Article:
• Gum disease evaluation: Check the gums and bone around the teeth for any signs of periodontal disease.
  • Examination of tooth decay: All tooth surfaces will be checked for decay with special dental instruments.
  • Examination of existing restorations: Check current fillings, crowns, etc.
  • Removal of calculus (tartar): Calculus is hardened plaque that has been left on the tooth for sometime and is now firmly attached to the tooth surface. Calculus forms above and below the gum line, and can only be removed with special dental instruments.
  • Removal of plaque: Plaque is a sticky, almost invisible film that forms on the teeth. It is a growing colony of living bacteria, food debris, and saliva. The bacteria produce toxins (poisons) that inflame the gums. This inflammation is the start of periodontal disease!
  • Teeth polishing: Removes stain and plaque that is not otherwise removed during toothbrushing and scaling.
  • Oral hygiene recommendations: Review and recommend oral hygiene aids as needed (electric dental toothbrushes, special cleaning aids, fluorides, rinses, etc.).
  • Review dietary habits: Your eating habits play a very important role in your dental health.

As you can see, a good dental exam and cleaning involves quite a lot more than just checking for cavities and polishing your teeth. We are committed to providing you with the best possible care, and to do so will require regular check-ups and cleanings.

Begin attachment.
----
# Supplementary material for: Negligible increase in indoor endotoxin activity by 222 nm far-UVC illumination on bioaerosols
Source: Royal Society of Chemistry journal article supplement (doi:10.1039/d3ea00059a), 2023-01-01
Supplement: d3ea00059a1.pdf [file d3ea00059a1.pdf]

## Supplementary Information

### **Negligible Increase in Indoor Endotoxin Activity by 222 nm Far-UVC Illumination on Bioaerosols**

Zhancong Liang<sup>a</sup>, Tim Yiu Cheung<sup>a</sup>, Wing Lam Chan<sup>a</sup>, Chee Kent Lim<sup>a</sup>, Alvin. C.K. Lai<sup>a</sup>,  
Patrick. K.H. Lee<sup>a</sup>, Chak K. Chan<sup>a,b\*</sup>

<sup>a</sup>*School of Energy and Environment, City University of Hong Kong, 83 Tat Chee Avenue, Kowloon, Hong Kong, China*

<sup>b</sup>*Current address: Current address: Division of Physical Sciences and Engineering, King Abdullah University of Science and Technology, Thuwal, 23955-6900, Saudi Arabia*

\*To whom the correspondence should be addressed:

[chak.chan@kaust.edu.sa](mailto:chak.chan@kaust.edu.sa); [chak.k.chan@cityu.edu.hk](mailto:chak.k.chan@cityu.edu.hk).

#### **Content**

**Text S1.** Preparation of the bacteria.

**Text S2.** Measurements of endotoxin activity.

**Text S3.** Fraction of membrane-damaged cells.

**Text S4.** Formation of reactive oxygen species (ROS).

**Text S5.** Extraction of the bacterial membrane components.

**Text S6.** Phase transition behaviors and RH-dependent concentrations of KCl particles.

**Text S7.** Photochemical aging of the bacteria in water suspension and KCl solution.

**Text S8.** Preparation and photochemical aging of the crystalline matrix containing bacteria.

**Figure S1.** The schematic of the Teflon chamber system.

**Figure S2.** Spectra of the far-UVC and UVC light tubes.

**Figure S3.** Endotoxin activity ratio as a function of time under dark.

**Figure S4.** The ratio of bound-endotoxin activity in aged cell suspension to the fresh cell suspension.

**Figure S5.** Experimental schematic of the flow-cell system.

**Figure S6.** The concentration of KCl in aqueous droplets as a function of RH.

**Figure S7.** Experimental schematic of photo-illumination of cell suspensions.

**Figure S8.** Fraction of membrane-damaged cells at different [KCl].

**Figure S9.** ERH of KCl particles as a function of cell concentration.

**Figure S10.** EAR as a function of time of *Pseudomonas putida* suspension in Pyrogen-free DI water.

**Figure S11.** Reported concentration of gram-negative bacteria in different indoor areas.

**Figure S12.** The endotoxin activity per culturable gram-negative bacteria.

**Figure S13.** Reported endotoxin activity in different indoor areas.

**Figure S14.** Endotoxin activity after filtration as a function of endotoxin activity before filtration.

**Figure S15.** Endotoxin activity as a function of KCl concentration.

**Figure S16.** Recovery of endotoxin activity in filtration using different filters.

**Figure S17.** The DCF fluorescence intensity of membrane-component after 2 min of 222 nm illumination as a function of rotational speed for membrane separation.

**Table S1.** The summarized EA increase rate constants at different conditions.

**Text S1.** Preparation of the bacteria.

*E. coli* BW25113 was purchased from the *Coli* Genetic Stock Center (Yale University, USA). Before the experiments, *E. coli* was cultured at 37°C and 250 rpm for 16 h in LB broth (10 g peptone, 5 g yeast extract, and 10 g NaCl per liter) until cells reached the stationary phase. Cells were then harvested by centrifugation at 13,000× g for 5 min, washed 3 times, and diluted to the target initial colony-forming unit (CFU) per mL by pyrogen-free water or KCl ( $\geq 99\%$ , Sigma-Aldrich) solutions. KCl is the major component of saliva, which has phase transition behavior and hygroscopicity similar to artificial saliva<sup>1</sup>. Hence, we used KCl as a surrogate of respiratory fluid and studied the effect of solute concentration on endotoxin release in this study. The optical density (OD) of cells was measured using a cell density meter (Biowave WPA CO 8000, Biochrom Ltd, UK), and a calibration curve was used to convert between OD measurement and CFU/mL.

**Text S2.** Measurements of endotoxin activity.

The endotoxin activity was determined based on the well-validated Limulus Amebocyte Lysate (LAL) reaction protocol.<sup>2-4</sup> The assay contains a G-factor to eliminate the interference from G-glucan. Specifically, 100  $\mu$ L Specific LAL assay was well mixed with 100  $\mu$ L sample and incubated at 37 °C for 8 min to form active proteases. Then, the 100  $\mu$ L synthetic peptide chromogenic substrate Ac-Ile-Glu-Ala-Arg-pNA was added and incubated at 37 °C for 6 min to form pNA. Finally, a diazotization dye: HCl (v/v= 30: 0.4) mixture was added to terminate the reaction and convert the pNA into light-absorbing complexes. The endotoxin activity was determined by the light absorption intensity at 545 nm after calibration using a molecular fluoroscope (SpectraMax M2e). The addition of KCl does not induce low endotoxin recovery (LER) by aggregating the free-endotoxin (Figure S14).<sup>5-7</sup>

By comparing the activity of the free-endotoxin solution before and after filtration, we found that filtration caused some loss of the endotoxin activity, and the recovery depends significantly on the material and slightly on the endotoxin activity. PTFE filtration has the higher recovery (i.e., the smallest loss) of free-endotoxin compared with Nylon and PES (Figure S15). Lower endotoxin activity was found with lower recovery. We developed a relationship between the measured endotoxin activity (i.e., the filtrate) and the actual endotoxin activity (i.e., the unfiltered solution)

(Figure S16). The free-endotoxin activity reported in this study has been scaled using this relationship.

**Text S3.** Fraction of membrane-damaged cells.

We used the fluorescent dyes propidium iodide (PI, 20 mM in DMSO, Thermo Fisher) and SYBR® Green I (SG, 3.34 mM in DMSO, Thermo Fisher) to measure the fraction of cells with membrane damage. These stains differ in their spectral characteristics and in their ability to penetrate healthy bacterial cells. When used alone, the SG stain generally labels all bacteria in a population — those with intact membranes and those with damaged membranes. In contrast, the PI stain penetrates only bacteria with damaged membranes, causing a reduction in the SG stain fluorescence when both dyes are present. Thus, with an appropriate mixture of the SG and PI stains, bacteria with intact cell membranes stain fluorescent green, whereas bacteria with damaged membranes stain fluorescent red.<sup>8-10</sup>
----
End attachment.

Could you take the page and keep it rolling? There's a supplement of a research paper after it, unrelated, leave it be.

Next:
If your tooth hurts, the pain usually comes from one of two sources.

  • Pain can come from inside the tooth, and it indicates that there is an irritant affecting the tooth.
  • Pain can come from the ligament that attaches your tooth to the jaw.

If your pain comes from inside, usually it is aggravated by cold, air, sweets, or heat. If any of these makes your tooth hurt worse, your tooth is irritated. Then it becomes important to know if you need to see your dentist.

There are two general cases where you absolutely need your toothache treated. If, when the tooth is provoked, the toothache lingers for more than one or two seconds, the tooth almost certainly needs to be treated. For example, let’s say your tooth is sensitive to cold. You drink cold water, and you get a sharp jab in your tooth. In that case, it may not need any treatment. But if that jab persists more than two seconds, see your dentist. You probably need a root canal treatment.

Many people fear root canals. However, with recent technological advances, these appointments themselves are generally not painful, nor are they traumatic-there isn’t a lot of grinding as there is with a filling or a dental crown. Most of the work is done with small hand instruments. And when the tooth is dead, which is often the case, it can even be done with no novocain. Root canal treatment often means the relief of toothache pain, and often that relief is immediate and dramatic. Extraction-taking a tooth out-is much more traumatic, from my experience as a dentist.